Ensuring the data is properly encrypted at rest, disabling non-secure communication protocols, and locking down the database itself are just a few of the necessary steps to configuring this single core service. Other configurations that warrant attention to bring such services into HIPAA compliance include: a virtual private cloud, allowed traffic protocols, load balancers, security groups, and audit trail, to name a few.
In short, a cloud service provider may give you the toolbox, but it’s up to you to use those tools correctly.
HIPAA Compliant Cloud Storage
There is a common misconception that deploying your application on a “HIPAA-compliant” infrastructure automatically confers compliance; however, the infrastructure is only the foundation. The application itself must also be as strong as that foundation to guarantee the safety of critical data.
Your application needs to be designed from the ground up, with security as a top priority. Enforcing coding best practices, rigorous code reviews, and detailed, traceable requirements are just as critical to achieving (and maintaining) compliance with any privacy standard that you are being held to.
Unlike the applications of 20 years ago — which would often be launched and then run with a few monolithic updates over a year or two — the trend in software has shifted towards continuous development, integration, and deployment. This is challenging to sustain in a medical device paradigm due to the validation and verification requirements, but remains a valid method of maintaining software by identifying and fixing bugs quickly before they can be exploited. This application lifecycle, coupled with periodic, documented reviews of your infrastructure become the linchpins in the overall plan to maintain your privacy compliance.
Among other responsibilities, a HIPAA-compliant cloud setup must include:
- End-to-end security of transmitted data from medical devices to the cloud, and vice versa
- Store the data in the cloud securely
- Provide a system that allows for controlled access to relevant parties
- Provide a log of all records of data storage, transmission and access
The importance of HIPAA-compliance
Non-compliance of HIPAA regulations can result in penalties, either in the form of fines, jail time or both.
The seriousness of the penalty is typically broken into different levels, with the severity of the infringement matched by the severity of the non-compliance.
Civil penalties are the term used to describe monetary fines for non-compliance. As stipulated by § 160.404 Amount of a civil money penalty, in HIPAA Administrative Simplification, there are several levels of violations with differing penalties for each.
Fines can start from $100 per violation, increasing up to a maximum or $1.5 million per year for the most serious violations or for repeat offenders.
In the most severe cases, the penalties to individuals and responsible parties may include jail time (in addition to the fines listed above). Usually criminal penalties are due to active involvement in non-compliance.
Similar to the levels associated with civil penalties, there are three different levels of punishment based on the seriousness of the violation:
- Imprisonment for up to 1 years, for knowingly sharing protected information
- Imprisonment for up to 5 years for committing offenses under false pretences
- Imprisonment for up to 10 years for offenses committed for financial gain
Whilst the most serious punishments are aimed at those that actively seek to abuse the rules of compliance, ignorance or lack of awareness does not protect one from the consequences of non-compliance.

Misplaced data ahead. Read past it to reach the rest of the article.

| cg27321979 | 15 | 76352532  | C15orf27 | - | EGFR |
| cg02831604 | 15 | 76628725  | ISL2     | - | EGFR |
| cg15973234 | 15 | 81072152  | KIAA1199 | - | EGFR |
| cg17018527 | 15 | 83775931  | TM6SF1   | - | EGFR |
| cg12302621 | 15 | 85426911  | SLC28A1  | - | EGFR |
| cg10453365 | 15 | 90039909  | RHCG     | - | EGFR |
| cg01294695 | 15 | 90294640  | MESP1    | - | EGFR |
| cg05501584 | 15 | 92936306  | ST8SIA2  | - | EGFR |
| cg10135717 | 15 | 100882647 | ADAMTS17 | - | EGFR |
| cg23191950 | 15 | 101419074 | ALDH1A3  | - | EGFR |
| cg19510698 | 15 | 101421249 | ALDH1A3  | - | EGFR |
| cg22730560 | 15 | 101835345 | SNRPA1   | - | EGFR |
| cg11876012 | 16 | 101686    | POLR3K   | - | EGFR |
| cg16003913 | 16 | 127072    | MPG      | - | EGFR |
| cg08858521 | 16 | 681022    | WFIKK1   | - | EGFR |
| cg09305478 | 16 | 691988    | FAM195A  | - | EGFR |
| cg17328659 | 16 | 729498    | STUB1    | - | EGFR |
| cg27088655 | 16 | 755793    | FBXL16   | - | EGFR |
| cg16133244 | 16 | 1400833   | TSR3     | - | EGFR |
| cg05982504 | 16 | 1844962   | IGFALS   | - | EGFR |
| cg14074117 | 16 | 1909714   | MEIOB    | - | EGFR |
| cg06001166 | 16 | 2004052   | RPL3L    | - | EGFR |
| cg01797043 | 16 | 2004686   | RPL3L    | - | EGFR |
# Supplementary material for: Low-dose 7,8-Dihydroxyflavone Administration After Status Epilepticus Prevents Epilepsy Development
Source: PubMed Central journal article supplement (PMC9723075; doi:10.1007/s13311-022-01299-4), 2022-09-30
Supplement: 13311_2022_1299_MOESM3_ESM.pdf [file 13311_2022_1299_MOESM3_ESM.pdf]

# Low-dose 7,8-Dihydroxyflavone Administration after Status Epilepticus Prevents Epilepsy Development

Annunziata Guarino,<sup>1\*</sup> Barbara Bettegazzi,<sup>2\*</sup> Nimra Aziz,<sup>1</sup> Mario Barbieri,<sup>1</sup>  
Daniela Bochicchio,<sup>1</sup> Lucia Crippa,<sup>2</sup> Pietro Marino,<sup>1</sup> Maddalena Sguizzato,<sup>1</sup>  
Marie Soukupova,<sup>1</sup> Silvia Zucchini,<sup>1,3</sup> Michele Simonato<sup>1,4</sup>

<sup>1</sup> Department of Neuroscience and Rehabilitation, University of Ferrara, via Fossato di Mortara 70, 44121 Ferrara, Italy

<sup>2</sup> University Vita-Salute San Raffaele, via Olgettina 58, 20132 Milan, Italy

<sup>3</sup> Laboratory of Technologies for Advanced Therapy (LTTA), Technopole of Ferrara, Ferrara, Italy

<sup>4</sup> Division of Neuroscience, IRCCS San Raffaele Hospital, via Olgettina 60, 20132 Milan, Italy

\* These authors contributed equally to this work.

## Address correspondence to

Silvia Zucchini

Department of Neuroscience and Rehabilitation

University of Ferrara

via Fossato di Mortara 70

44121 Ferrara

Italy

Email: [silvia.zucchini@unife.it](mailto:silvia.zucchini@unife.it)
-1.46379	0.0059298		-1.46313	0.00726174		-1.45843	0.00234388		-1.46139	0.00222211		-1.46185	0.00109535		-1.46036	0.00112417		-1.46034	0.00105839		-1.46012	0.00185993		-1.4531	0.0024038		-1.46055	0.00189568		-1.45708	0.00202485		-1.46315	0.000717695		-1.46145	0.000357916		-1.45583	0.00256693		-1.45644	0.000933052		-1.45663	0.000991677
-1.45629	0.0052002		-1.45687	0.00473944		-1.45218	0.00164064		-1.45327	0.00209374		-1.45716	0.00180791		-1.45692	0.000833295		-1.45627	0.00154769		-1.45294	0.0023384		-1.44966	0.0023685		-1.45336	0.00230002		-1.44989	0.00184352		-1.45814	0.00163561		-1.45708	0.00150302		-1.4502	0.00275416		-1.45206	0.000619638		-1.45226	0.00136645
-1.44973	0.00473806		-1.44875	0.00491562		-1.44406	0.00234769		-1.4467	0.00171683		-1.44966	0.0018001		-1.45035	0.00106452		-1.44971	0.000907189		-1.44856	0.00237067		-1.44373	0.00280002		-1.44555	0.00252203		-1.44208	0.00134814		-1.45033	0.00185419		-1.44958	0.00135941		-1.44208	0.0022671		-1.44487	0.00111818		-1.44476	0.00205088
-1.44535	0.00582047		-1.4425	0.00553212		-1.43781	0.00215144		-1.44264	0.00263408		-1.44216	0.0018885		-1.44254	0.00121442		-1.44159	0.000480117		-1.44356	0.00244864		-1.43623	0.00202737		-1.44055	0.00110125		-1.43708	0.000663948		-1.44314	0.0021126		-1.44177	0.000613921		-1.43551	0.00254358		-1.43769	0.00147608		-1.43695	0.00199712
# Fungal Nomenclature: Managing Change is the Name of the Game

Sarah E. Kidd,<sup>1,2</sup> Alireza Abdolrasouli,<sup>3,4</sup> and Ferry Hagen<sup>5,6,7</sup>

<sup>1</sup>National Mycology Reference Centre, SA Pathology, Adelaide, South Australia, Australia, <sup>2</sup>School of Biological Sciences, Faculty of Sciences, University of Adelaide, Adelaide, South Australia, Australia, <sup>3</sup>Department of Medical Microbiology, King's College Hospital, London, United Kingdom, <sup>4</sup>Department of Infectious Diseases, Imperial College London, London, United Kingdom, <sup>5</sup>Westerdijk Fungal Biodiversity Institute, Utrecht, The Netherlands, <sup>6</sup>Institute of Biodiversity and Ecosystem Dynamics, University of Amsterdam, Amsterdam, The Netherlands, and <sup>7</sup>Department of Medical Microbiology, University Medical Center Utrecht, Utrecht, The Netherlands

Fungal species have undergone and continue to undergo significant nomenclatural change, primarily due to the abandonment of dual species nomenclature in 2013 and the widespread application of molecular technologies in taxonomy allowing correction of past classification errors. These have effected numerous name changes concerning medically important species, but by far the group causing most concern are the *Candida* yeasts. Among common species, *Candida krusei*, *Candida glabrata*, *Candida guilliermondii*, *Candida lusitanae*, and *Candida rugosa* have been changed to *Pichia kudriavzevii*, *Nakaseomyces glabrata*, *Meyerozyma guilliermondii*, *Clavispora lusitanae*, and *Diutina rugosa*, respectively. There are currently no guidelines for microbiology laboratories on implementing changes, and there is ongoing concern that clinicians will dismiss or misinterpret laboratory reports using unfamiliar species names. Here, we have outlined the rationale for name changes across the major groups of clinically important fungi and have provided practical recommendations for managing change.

Mitigating the Risk of HIPAA Non-Compliance
HIPAA rules were set out to, among other things, protect the privacy of patient data. The law applies not just to healthcare providers but to any business associate that interacts with or is responsible for PHI. Non-compliance with the law carries significant civil and potentially criminal penalties
For medical device makers it is crucial to ensure a HIPAA-compliant cloud solution for any device data that may be considered PHI.
While it is easy to be swayed by the notion that because a cloud provider bills themselves as compliant to HIPAA standards, your application automatically becomes compliant as well.
Unfortunately, that is not the case.
Careful work configuring the infrastructure is necessary to make it truly compliant and applications must be designed with privacy and security in mind. Your software should also be flexible enough to continually develop and verify your infrastructure under HIPAA Compliance.
Although this sounds fairly straightforward, putting this into practice is more complex.
Alternatively, choosing a cloud provider that specializes in medical device cloud connectivity can ease much of that burden by providing off-the-shelf cloud capabilities that are designed with compliance in mind.
The Galen Cloud
Building, operating, and maintaining a compliant medical device connectivity infrastructure can be very costly and time consuming. It is often more cost-effective to leverage a pre-existing platform (like the Galen Cloud™), than trying to address these ever-evolving regulatory requirements on your own.
The Galen Cloud™ has accelerated the time-to-market for dozens of medical device companies by providing the compliant solution needed for FDA approval. The Galen Data team is equipped with decades of experience in software and regulatory compliance.
Galen Data’s platform allows companies to wirelessly collect, store, share, and quickly analyze patient data. Dashboards and alerts for the manufacturer, medical team, and patients, are also provided within the platform. The software platform is compliant to FDA, HIPAA, and CE Mark standards, and is ISO 13485:2016 certified.
Galen Data has developed the premier HIPAA-compliant cloud solution for medical devices, and the team of experts to help you with your connectivity needs.